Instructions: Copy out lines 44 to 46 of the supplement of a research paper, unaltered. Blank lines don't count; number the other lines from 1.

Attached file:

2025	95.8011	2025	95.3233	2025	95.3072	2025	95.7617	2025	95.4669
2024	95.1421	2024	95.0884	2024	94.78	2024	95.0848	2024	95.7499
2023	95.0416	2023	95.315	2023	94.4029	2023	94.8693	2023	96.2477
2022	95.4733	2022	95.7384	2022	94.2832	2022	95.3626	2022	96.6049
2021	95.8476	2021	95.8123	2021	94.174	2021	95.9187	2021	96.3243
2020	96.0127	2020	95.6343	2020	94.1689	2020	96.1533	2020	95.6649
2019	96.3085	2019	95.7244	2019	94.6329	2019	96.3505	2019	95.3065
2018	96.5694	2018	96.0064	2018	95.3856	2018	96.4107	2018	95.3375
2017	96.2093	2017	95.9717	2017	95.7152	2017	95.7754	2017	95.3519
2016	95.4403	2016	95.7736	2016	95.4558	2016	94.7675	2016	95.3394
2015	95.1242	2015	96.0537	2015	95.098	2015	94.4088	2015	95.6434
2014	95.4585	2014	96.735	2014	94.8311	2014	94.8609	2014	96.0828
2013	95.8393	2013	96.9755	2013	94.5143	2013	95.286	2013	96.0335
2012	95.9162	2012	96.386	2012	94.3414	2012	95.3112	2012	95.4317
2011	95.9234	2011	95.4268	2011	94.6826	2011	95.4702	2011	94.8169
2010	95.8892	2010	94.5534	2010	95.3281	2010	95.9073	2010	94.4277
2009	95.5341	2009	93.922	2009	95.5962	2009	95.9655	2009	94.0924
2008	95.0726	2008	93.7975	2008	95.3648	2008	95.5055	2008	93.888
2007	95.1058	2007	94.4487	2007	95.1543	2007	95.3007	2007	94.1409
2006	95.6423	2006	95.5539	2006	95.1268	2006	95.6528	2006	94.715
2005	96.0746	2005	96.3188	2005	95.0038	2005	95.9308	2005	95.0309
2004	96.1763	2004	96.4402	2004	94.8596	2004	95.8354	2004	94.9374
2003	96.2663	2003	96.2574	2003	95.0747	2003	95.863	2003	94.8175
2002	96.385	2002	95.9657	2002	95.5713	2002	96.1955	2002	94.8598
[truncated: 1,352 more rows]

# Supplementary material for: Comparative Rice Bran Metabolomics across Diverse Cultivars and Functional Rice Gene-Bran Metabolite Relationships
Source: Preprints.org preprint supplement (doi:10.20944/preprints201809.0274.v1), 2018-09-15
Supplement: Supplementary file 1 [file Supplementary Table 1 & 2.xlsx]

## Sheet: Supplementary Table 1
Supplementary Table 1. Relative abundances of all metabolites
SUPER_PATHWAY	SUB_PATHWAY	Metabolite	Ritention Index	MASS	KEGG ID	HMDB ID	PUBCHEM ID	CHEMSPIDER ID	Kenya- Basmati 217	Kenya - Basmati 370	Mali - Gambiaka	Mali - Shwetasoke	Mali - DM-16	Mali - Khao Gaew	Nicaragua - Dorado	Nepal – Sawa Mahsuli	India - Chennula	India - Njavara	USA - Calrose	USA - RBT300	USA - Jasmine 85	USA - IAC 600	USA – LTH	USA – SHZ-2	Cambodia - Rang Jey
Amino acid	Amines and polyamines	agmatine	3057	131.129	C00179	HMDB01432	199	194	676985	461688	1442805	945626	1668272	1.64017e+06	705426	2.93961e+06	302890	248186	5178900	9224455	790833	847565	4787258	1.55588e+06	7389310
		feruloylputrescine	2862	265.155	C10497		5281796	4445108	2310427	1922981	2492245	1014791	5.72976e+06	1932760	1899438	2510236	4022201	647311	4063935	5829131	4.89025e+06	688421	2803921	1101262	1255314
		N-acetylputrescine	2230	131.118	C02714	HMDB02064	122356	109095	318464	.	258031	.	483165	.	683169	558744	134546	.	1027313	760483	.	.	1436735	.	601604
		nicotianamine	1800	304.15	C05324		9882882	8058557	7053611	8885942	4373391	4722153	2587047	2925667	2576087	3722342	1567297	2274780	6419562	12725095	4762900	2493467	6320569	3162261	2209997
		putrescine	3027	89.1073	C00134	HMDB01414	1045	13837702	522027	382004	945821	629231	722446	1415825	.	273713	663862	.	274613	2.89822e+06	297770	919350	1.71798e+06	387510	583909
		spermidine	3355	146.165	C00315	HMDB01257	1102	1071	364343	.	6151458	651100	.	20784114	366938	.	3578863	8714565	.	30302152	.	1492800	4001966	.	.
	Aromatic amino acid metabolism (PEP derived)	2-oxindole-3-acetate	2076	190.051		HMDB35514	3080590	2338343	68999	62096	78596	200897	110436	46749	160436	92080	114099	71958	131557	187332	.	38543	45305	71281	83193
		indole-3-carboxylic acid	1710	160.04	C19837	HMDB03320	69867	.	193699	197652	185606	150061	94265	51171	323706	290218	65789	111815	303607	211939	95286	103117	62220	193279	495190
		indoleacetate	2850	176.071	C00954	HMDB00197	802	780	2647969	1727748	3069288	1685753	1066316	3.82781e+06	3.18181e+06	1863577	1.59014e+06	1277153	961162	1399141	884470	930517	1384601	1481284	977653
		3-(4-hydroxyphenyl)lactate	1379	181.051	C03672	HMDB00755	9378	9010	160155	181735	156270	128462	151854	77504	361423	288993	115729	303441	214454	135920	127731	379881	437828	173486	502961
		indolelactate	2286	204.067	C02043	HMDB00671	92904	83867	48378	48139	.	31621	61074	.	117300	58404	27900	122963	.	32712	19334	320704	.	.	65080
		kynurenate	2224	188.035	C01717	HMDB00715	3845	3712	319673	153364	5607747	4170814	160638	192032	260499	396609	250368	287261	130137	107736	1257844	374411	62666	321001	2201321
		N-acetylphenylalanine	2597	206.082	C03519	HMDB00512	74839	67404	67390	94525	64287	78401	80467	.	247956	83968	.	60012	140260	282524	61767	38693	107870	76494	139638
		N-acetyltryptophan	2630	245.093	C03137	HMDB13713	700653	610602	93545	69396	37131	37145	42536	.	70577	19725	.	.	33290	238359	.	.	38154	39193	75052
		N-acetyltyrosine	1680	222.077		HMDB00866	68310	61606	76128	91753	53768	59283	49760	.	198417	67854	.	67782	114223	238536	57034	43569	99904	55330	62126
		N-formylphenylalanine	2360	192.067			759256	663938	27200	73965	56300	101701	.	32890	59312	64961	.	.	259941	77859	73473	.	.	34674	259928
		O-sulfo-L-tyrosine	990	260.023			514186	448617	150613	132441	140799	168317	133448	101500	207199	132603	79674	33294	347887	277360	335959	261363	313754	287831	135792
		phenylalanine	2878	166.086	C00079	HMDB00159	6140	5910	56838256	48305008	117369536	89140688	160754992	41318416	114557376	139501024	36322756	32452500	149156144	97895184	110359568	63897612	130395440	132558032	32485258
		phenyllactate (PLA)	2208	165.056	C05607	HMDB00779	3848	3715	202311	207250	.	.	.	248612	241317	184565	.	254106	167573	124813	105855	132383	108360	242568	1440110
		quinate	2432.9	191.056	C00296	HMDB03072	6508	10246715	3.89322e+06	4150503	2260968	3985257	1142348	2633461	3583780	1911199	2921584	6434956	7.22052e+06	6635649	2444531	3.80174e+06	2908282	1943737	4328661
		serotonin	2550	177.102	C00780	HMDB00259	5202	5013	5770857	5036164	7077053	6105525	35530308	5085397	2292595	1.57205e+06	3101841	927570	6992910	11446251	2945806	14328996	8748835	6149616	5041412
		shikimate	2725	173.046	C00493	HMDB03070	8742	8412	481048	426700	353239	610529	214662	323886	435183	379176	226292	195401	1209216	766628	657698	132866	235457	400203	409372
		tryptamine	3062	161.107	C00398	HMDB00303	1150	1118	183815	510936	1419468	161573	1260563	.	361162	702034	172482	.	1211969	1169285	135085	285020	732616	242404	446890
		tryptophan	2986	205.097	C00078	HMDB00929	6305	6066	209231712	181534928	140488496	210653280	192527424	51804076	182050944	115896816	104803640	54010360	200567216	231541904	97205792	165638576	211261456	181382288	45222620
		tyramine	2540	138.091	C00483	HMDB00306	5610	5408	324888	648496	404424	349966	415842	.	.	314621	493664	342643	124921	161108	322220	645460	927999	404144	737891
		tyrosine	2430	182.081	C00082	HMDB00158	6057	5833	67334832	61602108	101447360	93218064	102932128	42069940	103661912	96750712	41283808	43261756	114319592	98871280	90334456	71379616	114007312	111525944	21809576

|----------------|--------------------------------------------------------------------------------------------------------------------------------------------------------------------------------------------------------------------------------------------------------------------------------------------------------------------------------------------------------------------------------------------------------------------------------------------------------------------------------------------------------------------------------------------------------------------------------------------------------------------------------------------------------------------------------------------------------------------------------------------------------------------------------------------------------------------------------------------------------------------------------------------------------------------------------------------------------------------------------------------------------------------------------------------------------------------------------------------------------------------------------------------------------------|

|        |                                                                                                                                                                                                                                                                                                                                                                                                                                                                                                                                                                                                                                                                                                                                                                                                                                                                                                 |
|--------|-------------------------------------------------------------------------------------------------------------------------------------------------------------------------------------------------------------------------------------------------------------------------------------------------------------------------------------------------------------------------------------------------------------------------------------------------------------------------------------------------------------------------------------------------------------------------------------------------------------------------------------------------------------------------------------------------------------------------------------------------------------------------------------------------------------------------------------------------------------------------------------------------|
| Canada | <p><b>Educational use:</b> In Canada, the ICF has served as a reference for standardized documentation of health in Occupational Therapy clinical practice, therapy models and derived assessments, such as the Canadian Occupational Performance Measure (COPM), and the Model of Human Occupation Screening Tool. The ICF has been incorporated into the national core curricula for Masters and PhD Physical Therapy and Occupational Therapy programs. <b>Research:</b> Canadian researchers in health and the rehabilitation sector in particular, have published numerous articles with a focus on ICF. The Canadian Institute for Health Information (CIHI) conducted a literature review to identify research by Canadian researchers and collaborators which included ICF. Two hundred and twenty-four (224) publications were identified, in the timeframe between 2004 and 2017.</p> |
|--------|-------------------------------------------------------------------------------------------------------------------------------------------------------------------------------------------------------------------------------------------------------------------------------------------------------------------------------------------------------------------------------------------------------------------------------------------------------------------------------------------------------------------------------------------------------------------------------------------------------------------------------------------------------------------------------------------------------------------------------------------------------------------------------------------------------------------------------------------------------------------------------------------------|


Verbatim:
		N-acetylphenylalanine	2597	206.082	C03519	HMDB00512	74839	67404	67390	94525	64287	78401	80467	.	247956	83968	.	60012	140260	282524	61767	38693	107870	76494	139638
		N-acetyltryptophan	2630	245.093	C03137	HMDB13713	700653	610602	93545	69396	37131	37145	42536	.	70577	19725	.	.	33290	238359	.	.	38154	39193	75052
		N-acetyltyrosine	1680	222.077		HMDB00866	68310	61606	76128	91753	53768	59283	49760	.	198417	67854	.	67782	114223	238536	57034	43569	99904	55330	62126